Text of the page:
Childhood exposure to the air pollutant nitrogen dioxide (NO2) is associated with an increased risk of developing schizophrenia, according to the findings of a recent study which appeared in JAMA Network Open.
This population-based cohort study comprised of 23,355 individuals (51.3% male) with schizophrenia and a randomly selected sub-cohort. Using national registry data, all individuals born in Denmark between May 1, 1981, and December 31, 2002, were followed up from their 10th birthday until the first occurrence of schizophrenia (the primary endpoint), emigration, death, or December 31, 2012, whichever came first. Statistical analyses were conducted between October 24, 2018, and June 17, 2019 using adjusted hazard ratios (AHRs) for schizophrenia with 95% Cis according to NO2 exposure. Polygenic risk scores were calculated as the weighted sum of risk alleles at selected single-nucleotide polymorphisms based on genetic material obtained from dried blood spot samples from the Danish Newborn Screening Biobank and on the Psychiatric Genomics Consortium genome-wide association study summary statistics file.
According to the results of the study, during the period of the study, 3,531 subjects were diagnosed with schizophrenia. The researchers observed that higher polygenic risk scores were linked with higher childhood NO2 exposure (ρ = 0.0782; 95% CI, 0.065 to 0.091; P < .001). Moreover, they found that a 10-μg/m3 increase in childhood daily NO2 exposure (AHR, 1.23; 95% CI, 1.15 to 1.32) along with a 1-SD increase in polygenic risk score (AHR, 1.29; 95% CI, 1.23 to 1.35) were both independently correlated with an augmented risk of developing schizophrenia.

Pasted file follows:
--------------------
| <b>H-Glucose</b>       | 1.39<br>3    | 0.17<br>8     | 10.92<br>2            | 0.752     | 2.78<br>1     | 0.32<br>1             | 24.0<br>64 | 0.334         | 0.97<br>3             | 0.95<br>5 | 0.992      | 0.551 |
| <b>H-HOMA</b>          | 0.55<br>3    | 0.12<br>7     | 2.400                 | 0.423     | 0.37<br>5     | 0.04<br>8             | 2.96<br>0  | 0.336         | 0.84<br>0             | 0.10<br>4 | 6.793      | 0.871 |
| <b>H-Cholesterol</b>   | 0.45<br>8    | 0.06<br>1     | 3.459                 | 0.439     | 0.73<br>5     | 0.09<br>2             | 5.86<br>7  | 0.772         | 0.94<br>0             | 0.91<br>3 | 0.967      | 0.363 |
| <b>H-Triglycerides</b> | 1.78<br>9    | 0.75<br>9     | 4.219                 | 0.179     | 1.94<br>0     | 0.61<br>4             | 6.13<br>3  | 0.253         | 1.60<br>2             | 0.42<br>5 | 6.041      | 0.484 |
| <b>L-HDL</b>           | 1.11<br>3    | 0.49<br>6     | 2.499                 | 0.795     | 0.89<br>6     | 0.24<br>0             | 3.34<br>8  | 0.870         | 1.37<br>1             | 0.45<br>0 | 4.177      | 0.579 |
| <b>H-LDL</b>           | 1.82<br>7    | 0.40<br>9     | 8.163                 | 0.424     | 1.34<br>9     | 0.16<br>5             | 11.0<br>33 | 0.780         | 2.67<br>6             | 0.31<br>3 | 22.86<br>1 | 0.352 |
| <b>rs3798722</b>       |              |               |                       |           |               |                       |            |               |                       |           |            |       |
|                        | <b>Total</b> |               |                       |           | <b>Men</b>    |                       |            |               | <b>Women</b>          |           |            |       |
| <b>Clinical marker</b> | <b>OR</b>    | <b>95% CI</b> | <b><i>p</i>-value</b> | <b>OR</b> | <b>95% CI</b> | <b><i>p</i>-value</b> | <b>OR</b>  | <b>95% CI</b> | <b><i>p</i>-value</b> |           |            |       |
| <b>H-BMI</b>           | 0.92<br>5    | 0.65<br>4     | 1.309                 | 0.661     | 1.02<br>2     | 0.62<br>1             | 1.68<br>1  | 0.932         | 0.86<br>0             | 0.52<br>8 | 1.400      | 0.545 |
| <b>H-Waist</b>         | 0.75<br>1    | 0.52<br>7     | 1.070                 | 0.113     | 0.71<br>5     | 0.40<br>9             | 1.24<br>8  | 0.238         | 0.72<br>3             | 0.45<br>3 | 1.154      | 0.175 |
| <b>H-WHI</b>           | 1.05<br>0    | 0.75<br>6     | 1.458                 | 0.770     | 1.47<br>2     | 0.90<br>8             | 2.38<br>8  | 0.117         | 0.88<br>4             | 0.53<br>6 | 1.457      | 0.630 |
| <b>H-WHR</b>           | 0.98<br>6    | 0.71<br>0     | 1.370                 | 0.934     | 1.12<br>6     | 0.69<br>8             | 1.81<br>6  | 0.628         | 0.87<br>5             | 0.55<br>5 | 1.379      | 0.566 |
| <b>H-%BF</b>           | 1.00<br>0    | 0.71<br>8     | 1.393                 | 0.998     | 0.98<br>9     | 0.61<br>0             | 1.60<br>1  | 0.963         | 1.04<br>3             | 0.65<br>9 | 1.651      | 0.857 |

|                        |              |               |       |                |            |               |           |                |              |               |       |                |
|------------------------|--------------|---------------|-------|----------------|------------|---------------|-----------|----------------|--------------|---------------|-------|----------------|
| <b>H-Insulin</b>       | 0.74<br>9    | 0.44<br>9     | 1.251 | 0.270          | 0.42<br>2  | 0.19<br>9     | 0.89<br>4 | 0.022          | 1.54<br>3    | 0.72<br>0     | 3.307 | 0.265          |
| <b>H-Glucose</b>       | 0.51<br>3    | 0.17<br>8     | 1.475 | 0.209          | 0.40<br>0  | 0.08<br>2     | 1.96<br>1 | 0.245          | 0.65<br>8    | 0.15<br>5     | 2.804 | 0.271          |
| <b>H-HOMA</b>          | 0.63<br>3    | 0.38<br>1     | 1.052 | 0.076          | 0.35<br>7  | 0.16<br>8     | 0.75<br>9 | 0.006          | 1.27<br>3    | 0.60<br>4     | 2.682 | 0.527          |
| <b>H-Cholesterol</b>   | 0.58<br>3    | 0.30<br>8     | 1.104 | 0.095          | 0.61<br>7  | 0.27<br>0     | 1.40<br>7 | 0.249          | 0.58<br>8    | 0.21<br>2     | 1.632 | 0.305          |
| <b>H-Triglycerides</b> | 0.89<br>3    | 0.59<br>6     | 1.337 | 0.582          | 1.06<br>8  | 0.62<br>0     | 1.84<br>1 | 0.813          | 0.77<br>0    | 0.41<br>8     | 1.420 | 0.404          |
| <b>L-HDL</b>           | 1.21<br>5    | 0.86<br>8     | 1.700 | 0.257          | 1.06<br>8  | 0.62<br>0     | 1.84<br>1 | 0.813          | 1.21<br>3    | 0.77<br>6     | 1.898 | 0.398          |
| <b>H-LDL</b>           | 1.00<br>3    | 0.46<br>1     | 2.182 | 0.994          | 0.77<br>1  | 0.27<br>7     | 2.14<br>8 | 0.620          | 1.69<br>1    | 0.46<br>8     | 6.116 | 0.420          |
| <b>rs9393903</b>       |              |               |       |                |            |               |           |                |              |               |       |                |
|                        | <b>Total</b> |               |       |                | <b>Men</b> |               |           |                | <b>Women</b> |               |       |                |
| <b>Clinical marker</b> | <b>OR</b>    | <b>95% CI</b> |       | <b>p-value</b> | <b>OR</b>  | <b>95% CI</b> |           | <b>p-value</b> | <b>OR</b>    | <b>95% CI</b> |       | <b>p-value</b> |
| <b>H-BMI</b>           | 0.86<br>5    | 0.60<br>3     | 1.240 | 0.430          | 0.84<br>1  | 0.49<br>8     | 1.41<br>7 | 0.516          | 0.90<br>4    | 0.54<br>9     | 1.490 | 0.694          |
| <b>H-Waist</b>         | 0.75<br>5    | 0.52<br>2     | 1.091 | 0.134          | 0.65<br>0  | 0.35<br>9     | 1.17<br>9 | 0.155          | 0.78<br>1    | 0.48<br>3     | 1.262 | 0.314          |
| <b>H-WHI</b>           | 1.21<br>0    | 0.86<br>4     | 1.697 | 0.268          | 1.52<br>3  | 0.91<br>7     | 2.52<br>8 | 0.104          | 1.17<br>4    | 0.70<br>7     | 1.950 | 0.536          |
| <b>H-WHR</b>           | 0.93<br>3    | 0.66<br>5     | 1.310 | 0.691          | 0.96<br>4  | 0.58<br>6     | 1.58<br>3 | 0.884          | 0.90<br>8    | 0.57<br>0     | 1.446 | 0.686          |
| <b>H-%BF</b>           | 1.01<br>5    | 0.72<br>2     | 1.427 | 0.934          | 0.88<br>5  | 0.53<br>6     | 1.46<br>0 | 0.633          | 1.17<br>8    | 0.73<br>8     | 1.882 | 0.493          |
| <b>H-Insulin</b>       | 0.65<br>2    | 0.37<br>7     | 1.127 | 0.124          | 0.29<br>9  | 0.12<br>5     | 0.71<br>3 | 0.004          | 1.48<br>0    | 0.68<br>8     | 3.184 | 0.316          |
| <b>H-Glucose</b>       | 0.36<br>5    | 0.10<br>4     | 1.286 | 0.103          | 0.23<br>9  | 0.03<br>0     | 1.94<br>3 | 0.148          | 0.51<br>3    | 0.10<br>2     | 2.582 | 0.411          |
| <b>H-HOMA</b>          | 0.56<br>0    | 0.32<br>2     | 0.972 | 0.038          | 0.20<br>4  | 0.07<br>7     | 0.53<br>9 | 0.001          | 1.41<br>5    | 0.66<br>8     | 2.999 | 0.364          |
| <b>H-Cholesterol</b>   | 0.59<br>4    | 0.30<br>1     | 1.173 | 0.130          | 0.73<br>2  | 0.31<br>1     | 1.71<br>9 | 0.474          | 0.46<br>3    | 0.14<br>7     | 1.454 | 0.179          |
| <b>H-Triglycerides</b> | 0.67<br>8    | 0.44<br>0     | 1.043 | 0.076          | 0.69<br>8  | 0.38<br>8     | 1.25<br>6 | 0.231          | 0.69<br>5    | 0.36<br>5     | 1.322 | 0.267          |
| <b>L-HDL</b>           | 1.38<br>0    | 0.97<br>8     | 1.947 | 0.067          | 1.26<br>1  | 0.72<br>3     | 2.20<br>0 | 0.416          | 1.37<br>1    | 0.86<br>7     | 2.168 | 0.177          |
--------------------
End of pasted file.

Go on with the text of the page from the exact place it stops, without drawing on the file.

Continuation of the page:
“Potential biological mechanisms for the association between air pollution and schizophrenia remain uncertain, but air pollutants have been purported to cause inflammation of the tissue of the nervous system, oxidative stress, microglial activation, protein aggregation, subclinical cerebrovascular disease, and disruption of the blood-brain barrier,” the study authors wrote.
“With the complex clinical features of schizophrenia, it is likely that genetic variation may play a role in determining an individual’s susceptibility to the damaging effects of air pollution. However, our findings suggest that a polygenic risk score based on common variants related to schizophrenia cannot account for the association between childhood NO2 exposure and schizophrenia.”
#Airpollution exposure and schizophrenia: any role for genetic liability: Read this article in @JAMANetworkOpen Childhood Nitrogen Dioxide Exposure, Polygenic Risk Score, and Schizophrenia Risk https://t.co/i3gECgf9Nz https://t.co/DI7vFlc4FO
— Akhgar Ghassabian (@a_ghassabian) November 1, 2019
They added that these results “demonstrate the utility of including polygenic risk scores in epidemiologic studies.”
Gene-environment interaction in schizophrenia? This @JAMANetworkOpen cohort study explores the interaction between childhood exposure to nitrogen dioxide and polygenic risk score on the risk of developing schizophrenia. https://t.co/ImokxMgIsX pic.twitter.com/4rHzhSphyx
— Muin J. Khoury (@MuinJKhoury) November 2, 2019
Exposure to NO2 in kids increases Schizophrenia risk – Nov 2019. Unknown if causative or correlative, but #AirPollution is now [otherwise] the world’s largest single #environmental #health #risk."https://t.co/PHqYRXPuOx
No. 1 source of NO2 and air pollution is #FossilFuels.
— U.S. Principles (@U_S_Principles) November 17, 2019